Jeremy Lou Valentine, aka Loup de Lou, has always sought to showcase his flow arts. This led to the current incarnation of Dance Afire Productions, a performance fire troupe. Lou got into the flow arts in 1999 while touring spiritual music camping events. Lou’s first time seeing professional flow was at a festival in Kansas, […]
Jeremy Lou Valentine, aka Loup de Lou, has always sought to showcase his flow arts. This led to the current incarnation of Dance Afire Productions, a performance fire troupe. Lou got into the flow arts in 1999 while touring spiritual music camping events.
Lou’s first time seeing professional flow was at a festival in Kansas, where he was entranced by a Texan fire tribe. Lou asked one of the poi spinners how to get started and they told him to “go home, pick up a pair of sneakers by the string and spin them around.” He spent the following winter in his basement with Home of Poi videos. Lou joined the flow community before video sharing sites like YouTube. It was easy for Lou to meet people more knowledgeable than himself to spin with and learn from because of the confluence between these spiritual events and the fire dancing.
Lou considers himself a poly-proper, he’s “played with all of the tools out there with maybe one or two exceptions. “ Lou also studies the root of movement to understand how the body and a prop can interact with one another. Poi was Lou’s first love, from there he moved on to rope dart. Being a dancer first and a flow artist second, Lou found rope dart easier to dance with.
Lou’s desire to flow comes from his love of performing. He enjoys captivating the audience and receiving their enthusiasm. It fuels his need to create new performances, continue practicing and build off of what was done the year before. Dance Afire was born from Lou’s frustration in not going to Burning Man back in 2008. This became a creative drive for him, and Dance Afire’s success is why Lou hasn’t gone back to Burning Man since.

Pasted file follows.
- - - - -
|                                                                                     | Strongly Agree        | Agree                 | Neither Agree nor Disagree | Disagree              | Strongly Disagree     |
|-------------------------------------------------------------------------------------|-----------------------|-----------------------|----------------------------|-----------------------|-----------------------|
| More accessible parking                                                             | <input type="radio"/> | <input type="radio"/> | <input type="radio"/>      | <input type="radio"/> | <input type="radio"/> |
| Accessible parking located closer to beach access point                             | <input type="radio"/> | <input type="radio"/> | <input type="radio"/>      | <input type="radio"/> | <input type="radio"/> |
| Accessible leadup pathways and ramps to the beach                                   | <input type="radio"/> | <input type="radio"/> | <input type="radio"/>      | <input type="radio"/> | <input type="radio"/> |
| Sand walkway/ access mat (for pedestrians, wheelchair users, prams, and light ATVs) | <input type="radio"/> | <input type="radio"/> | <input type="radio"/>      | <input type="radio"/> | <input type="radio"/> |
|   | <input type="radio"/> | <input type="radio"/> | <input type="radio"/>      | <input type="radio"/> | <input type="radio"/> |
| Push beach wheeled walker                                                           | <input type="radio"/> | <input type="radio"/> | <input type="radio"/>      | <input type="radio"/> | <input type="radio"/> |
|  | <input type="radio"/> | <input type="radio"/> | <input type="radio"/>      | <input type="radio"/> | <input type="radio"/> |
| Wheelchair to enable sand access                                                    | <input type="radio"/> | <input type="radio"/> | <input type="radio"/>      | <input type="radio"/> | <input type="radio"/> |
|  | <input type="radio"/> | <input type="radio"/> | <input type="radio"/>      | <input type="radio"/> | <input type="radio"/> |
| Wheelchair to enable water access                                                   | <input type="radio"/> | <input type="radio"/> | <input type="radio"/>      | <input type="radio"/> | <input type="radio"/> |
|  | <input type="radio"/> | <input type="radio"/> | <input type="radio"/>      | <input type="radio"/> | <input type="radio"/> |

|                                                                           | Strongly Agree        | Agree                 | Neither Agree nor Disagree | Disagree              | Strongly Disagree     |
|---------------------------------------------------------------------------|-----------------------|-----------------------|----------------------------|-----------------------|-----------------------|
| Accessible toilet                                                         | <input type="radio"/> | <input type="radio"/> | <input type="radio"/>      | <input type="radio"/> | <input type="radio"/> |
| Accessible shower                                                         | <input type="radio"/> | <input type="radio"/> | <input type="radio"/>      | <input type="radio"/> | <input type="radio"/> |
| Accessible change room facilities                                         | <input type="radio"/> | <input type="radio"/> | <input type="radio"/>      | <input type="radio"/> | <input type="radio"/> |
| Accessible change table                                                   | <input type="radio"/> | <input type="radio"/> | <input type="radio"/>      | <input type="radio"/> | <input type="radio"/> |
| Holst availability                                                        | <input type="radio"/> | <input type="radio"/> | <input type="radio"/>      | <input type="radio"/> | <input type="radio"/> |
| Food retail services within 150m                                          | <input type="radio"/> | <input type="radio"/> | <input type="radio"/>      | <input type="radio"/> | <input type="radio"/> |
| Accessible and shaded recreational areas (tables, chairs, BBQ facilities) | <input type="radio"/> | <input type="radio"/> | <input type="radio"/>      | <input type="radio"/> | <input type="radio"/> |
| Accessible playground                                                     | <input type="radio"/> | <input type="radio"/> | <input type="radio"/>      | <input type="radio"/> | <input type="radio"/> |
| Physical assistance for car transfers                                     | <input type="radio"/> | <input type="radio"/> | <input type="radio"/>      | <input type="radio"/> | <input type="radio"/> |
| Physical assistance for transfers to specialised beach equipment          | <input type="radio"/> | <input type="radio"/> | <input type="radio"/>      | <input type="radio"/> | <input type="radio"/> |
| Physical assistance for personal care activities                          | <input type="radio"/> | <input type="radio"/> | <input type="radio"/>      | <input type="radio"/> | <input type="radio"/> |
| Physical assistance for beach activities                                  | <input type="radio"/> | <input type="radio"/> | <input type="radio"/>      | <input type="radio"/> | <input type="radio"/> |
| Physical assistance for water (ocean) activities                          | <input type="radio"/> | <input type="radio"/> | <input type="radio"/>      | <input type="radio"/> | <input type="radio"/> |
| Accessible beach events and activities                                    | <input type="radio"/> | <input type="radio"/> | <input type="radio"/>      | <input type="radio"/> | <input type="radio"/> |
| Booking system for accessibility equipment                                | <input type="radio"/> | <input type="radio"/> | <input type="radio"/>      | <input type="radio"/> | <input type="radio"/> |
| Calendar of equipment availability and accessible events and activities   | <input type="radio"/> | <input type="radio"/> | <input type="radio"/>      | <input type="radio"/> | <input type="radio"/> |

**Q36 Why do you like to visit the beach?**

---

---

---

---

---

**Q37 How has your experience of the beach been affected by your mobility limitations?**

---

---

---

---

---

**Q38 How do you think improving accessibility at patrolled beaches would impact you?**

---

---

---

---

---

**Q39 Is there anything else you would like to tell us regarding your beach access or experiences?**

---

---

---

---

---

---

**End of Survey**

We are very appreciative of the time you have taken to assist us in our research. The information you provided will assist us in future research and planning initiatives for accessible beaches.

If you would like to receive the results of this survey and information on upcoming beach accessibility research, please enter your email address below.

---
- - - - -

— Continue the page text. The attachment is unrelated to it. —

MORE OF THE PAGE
Having a family has made going to Burning Man more of a challenge as well. His eldest daughter is five and she sees props as toys among her other play things. Earlier in the year when trying to come up with a theme for her birthday party, Lou’s wife Bronwen Valentine suggested some fire breathers come and perform. Her response was “Fire breathers are boring.” Lou sees this as a sign of her familiarity with the arts, and he’s glad she finds it boring considering how dangerous fire breathing is.
Lou draws meaning from the flow arts via his need for a physical practice, to channel his energy in a way where he is seen and acknowledged as a performer. “The art is identified as flow for a reason, the tricks are fantastic, but it’s the transitions that make it pop for the audience. The best way to explain the appeal of the flow arts to a non-spinner is for them to try it for themselves.
Lou plans to contribute to the future of flow, by growing the Dance Afire tribe from its current core of 13. The trick is to tap into children’s enthusiasm for the world and chip off a bit for the flow arts. Not just his children, but the ones he teaches at the Takoma Dance exchange by incorporating movement play with props.
Giving this art to children helps with general acceptance of the flow arts, and its association with the party scene because it’s so much more than that. Talking about these transformative festivals is important, because they are a meeting of the minds and a driving regenerative force for the flow arts where flow artist share their ideas with one another.
Lou believes there’s been a constant growth of the flow arts community since he first joined over a decade ago. It’s gotten bigger through the aid of transformative festivals like Burning Man and the momentum of this interest isn’t slowing down. Lou calls himself the instigator of the flow arts, he wants to do rather than be and he wants to do with others. Practitioners of quasi-spiritual movements like the flow arts have a tendency to enjoy being the artist, which is fine, but occasionally the doers need to mix it up.
This plays into diversifying the flow community. Lou considers this as something that needs to be addressed directly through encouragement and teaching in communities outside his comfort zone by going to dance labs outside his city to join together with other dance and pop cultures. Lou believes that hip hop artist “would love the art if they were exposed to fire performers who are enthusiastic capable and reliable to be part of the dual culture. All of humanities stories have been told around fire for the majority of our existence, and there’s no reason to stop now. We put fire in these boxes around us and we’ve divorced ourselves from the intimacy of coming together and telling stories around fire.”